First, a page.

A meal from a drive-through usually consists of burgers and fries, though sometimes a shake or onion rings might factor into the dining. Diners make their choices off a large board, ordering into a speaker that more often than not crackles and fizzes, making it difficult for parties on either side to hear very well. Food is handed through a window, and the transaction is complete. Most of us have participated in this exact process, whether at places that serve billions of burgers or at a local "mom-and-pop" joint.
It is a testament to our car culture that we order our food and eat it inches away from a steering wheel. Time is speeding up. We just don't seem to have enough time to sit down for our meals. But just because you're going to eat behind the wheel doesn't mean you have to succumb to a diet of burgers and fries.
I've seen the sign on State Street many times, advertising prime rib at the Famous Westside Drive-In. Chef Lou, proud owner of Westside, is kind of an anomaly in Boise. Drive-ins don't normally have someone with the title of chef at the grill flipping burgers. But for as long as I've lived in Boise, Chef Lou has been trying to change the stereotype of car-culture dining. While I've picked up one of their many varieties of burgers, a cornucopia of shakes, even ice cream, I've never gone for the upscale items. It seemed peculiar to me to order something from the driver's seat of my truck that would normally be brought to me by a well-groomed waiter and eaten with a knife and fork made of silver. But, what the hell, I decided to give it a go.
I pulled up on a Saturday evening into one of the two drive-up lanes for ordering. The extensive menu listed prime rib as that night's special. I was surprised to be asked how I would like it cooked and replied "medium rare." Because I was bringing home food for the chicks in the nest, I also ordered some fare that I thought they would enjoy, including a half-rack of Pepsi ribs (I assumed Chef Lou uses Pepsi Cola as a marinade or flavoring agent) and the fried fish dinner. Three entrees, three large lemonades and about 30 bucks later, I was cruising home, the smell of dinner wafting around the front of my truck.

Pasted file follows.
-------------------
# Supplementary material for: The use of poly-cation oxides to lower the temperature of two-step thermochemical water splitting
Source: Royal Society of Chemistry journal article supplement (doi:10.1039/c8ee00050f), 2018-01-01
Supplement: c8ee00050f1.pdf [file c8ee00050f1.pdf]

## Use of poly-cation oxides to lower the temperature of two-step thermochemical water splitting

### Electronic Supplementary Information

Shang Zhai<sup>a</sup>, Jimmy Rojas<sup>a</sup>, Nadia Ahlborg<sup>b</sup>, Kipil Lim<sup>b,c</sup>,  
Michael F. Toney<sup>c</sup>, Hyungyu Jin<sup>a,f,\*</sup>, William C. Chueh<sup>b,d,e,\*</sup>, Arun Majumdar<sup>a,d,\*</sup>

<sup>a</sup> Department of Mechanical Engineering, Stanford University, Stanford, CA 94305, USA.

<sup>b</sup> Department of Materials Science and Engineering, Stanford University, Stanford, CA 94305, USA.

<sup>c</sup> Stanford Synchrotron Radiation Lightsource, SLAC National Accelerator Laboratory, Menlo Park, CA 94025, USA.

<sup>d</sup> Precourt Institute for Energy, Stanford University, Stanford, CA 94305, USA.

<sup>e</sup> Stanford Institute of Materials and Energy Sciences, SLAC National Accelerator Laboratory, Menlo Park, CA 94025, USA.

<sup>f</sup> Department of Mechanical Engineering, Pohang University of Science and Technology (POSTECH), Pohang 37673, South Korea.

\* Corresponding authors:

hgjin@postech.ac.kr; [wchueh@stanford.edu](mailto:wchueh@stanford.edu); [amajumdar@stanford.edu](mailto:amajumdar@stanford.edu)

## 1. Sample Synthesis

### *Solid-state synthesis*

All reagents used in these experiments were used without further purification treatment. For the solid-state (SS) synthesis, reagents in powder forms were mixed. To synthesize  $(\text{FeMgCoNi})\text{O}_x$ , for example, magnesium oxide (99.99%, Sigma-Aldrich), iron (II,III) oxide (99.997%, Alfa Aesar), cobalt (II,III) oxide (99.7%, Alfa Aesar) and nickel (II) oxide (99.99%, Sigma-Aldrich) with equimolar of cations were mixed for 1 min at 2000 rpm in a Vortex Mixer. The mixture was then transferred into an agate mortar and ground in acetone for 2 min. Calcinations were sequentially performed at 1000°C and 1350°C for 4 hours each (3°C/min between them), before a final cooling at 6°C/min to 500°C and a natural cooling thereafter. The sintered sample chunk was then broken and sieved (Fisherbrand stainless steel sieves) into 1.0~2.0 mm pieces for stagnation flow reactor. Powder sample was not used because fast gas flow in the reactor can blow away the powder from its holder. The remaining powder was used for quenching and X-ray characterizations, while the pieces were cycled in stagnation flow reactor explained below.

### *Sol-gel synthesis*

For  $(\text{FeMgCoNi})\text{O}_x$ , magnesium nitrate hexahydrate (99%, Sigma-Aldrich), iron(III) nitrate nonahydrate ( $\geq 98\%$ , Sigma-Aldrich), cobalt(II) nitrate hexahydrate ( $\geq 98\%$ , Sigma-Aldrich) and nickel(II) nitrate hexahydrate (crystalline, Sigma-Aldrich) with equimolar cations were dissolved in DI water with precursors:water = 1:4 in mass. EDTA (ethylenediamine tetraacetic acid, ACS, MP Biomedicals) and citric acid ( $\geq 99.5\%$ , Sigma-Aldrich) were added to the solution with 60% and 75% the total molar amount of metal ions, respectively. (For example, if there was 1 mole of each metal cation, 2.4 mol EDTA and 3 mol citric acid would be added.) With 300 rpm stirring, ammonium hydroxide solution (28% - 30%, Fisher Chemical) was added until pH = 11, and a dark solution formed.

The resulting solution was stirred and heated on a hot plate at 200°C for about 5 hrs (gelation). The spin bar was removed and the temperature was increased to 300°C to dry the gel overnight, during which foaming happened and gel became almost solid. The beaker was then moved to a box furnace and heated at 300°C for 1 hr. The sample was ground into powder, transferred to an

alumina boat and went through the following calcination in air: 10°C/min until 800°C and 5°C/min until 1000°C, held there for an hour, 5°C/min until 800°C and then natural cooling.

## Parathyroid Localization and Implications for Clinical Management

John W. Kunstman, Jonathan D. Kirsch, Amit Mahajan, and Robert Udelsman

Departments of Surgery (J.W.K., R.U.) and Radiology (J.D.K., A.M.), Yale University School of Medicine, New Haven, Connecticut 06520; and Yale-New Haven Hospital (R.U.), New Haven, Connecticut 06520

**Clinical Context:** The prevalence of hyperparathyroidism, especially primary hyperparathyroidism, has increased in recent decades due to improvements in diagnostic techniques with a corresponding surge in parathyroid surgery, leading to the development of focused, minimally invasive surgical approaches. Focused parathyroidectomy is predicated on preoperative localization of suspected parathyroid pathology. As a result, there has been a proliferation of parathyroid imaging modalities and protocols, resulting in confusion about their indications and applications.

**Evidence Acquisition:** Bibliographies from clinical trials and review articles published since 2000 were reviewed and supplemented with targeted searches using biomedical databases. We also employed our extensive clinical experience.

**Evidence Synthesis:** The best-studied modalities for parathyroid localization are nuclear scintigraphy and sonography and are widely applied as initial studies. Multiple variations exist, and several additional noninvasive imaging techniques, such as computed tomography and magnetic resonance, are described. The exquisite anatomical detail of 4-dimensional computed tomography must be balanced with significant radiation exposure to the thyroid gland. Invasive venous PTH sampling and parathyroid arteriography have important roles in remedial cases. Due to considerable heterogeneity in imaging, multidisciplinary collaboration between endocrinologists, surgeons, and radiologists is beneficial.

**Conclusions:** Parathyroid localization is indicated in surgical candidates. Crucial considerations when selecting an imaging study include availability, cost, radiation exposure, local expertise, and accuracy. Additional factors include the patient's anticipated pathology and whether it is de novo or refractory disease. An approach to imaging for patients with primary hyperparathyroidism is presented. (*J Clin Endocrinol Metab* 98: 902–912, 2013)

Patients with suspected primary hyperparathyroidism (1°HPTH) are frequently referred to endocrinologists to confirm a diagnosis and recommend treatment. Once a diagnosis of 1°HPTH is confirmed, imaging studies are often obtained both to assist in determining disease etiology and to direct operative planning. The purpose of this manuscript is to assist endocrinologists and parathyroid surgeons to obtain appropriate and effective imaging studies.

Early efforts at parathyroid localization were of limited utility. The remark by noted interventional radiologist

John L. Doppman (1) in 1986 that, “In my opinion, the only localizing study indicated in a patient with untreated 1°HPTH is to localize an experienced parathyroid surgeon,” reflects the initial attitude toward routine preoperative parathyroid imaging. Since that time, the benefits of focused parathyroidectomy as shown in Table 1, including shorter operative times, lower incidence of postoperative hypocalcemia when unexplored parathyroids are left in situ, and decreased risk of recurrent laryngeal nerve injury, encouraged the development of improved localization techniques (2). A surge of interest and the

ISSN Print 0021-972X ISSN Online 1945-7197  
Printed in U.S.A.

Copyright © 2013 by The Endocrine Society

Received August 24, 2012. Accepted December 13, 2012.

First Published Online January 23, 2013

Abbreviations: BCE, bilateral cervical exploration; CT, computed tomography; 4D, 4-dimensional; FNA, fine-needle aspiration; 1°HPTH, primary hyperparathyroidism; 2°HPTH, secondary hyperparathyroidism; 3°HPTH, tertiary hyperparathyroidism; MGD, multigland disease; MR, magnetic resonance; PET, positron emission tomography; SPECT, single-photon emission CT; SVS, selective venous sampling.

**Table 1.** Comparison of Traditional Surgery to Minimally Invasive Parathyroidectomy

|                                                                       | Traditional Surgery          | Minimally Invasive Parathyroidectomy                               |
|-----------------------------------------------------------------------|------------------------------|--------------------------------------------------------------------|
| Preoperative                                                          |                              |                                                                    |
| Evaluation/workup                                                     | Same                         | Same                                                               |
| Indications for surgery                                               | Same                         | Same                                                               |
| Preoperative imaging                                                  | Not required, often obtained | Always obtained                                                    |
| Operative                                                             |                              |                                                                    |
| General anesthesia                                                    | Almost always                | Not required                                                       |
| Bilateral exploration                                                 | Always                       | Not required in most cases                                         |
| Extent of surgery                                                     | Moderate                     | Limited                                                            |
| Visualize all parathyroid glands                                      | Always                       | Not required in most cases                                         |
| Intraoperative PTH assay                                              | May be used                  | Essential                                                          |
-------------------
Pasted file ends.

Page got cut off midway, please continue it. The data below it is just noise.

At home, in front of the television, the spawn and I opened our containers. The prime rib was perfect. It melted in my mouth and was accompanied, to my surprise, by a baked potato and two sides, easily making it a meal for two. The Pepsi ribs were tender, sweet and covered with grilled onions. (We couldn't finish them that night, but the next night, I removed the bones and used the onions and rib meat on top of a salad.) The fish dinner was two big pieces of batter-fried fish and was absolutely wonderful. I'd gotten tater tots to go with the fish for the kids--you've got to stick to tradition in some way when you go through a drive-through.
It is not often that I come away from a review with a newfound appreciation for a restaurant I'm already familiar with. I had already loved the Westside Drive-In but now I think I'm in love.
--Bingo Barnes dreams of a horn o' plenty filled with cuts of meat.